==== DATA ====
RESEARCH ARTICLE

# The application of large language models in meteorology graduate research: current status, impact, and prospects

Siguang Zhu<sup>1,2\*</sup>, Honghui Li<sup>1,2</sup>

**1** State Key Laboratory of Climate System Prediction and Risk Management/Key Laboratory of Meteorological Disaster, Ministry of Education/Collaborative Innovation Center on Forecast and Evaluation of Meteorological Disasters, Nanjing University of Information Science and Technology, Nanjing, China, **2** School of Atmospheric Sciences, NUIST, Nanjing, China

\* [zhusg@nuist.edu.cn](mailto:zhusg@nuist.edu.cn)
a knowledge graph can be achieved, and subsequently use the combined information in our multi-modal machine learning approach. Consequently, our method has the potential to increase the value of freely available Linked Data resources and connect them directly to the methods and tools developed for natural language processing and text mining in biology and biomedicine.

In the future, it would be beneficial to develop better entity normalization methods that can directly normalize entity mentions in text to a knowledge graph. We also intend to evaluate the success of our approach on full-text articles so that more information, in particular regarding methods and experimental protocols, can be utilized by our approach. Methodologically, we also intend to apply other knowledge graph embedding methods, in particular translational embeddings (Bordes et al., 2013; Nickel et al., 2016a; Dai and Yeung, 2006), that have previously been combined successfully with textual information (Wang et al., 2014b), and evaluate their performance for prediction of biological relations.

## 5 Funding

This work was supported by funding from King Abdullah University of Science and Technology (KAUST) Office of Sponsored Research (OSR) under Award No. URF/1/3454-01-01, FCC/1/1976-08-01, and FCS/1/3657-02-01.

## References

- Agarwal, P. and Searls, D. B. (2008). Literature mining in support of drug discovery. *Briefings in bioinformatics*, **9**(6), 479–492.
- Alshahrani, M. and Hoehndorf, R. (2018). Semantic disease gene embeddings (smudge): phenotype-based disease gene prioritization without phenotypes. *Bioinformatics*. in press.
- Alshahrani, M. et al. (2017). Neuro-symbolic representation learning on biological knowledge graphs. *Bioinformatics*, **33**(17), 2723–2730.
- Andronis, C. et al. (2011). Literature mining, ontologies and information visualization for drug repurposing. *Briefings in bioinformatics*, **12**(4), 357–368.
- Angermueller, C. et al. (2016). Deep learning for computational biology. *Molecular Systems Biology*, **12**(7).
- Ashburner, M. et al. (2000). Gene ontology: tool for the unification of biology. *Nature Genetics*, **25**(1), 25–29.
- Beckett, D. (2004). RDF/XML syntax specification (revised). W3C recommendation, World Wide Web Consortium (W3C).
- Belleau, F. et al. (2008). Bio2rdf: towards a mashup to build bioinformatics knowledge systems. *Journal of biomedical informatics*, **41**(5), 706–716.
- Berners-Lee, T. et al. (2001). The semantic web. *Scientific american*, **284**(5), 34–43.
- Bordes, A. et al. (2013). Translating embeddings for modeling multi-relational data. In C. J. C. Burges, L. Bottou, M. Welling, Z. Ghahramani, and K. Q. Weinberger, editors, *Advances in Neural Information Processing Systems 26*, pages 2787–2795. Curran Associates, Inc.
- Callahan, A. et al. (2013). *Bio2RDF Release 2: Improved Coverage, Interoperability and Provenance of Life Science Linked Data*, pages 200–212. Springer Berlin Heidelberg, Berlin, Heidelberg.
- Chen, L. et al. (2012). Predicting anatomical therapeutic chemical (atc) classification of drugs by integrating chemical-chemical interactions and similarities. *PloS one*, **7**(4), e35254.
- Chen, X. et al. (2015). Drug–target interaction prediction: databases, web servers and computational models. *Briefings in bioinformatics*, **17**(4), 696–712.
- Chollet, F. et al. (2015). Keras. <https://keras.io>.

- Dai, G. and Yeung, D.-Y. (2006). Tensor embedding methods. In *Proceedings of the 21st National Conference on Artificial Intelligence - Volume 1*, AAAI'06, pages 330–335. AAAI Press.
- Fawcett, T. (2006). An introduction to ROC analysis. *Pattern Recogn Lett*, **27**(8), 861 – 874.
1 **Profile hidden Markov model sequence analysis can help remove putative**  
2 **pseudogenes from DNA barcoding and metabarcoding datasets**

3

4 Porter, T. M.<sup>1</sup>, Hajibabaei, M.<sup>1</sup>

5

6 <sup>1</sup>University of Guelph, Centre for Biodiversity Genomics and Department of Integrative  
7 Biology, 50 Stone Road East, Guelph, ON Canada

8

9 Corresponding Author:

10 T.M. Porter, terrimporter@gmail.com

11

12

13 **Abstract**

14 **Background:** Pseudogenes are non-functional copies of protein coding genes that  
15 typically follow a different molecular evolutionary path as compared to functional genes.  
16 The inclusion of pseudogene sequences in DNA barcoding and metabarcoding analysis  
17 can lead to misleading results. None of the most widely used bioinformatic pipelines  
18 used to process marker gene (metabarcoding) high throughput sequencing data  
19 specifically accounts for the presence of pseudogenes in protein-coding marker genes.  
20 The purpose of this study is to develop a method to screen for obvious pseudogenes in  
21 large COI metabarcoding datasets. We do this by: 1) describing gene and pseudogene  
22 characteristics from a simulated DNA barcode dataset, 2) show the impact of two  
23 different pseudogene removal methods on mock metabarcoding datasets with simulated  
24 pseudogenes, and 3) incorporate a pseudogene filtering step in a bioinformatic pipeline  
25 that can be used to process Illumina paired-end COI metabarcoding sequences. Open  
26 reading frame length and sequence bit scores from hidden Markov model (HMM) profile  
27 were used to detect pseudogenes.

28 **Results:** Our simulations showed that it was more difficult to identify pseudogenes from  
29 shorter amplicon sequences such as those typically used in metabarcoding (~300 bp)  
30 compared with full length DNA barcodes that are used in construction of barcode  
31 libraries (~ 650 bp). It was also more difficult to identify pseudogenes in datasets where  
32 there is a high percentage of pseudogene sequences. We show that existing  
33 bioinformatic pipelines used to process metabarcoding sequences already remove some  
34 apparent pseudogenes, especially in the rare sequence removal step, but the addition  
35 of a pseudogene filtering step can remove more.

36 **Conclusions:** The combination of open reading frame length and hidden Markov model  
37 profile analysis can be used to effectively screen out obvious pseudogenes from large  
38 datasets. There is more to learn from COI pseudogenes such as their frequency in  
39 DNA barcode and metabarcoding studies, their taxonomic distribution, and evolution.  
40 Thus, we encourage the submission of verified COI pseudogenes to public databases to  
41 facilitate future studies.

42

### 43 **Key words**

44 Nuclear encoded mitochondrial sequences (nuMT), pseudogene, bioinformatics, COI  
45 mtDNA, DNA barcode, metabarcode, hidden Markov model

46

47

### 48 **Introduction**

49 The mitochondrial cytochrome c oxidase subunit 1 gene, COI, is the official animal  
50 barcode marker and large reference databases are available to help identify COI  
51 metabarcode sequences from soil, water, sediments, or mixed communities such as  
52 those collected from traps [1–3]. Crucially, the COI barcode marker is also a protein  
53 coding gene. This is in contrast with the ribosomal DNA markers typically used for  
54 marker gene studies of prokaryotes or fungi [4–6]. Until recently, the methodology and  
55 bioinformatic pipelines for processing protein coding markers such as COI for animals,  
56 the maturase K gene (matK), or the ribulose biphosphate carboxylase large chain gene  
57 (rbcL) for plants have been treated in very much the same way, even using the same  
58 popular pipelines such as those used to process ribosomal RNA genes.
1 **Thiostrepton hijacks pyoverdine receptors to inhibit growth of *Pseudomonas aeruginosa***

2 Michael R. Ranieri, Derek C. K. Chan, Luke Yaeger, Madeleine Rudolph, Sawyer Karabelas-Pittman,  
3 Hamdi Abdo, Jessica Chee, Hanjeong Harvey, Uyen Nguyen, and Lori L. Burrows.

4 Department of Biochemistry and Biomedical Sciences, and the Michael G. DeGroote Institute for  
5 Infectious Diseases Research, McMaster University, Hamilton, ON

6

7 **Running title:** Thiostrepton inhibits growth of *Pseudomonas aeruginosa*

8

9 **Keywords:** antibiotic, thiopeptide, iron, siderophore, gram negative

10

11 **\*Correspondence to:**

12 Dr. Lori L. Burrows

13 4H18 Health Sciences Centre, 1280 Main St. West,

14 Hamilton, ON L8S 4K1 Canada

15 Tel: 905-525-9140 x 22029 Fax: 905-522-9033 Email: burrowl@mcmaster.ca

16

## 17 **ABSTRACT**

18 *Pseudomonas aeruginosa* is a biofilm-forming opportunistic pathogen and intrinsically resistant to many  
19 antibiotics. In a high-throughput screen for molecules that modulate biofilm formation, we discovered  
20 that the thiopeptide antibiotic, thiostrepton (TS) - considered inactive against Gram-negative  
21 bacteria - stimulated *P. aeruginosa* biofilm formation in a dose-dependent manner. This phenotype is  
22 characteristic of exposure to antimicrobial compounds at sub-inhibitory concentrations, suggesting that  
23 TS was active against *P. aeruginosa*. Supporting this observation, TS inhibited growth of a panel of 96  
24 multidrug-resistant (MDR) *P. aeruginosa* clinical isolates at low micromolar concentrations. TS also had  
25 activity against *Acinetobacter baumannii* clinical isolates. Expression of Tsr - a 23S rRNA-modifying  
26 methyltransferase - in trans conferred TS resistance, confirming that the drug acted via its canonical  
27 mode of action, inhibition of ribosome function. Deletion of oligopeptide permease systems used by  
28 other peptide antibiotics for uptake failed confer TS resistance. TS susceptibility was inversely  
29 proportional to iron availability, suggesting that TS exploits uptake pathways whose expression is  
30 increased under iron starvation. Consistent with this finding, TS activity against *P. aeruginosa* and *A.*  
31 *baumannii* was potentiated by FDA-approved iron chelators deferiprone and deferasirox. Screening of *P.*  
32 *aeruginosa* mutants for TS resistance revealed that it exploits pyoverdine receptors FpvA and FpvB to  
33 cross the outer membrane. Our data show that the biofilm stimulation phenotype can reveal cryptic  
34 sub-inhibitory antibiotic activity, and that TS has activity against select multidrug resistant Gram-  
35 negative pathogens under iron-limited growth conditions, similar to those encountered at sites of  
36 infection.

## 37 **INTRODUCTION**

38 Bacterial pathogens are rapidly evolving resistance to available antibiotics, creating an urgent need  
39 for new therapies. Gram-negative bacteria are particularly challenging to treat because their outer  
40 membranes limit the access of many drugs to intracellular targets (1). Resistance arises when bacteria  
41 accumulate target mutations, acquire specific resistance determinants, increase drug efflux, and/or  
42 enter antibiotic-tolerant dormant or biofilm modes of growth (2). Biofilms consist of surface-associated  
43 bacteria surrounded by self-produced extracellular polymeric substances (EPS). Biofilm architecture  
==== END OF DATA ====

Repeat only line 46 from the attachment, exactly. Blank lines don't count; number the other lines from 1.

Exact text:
20 The purpose of this study is to develop a method to screen for obvious pseudogenes in  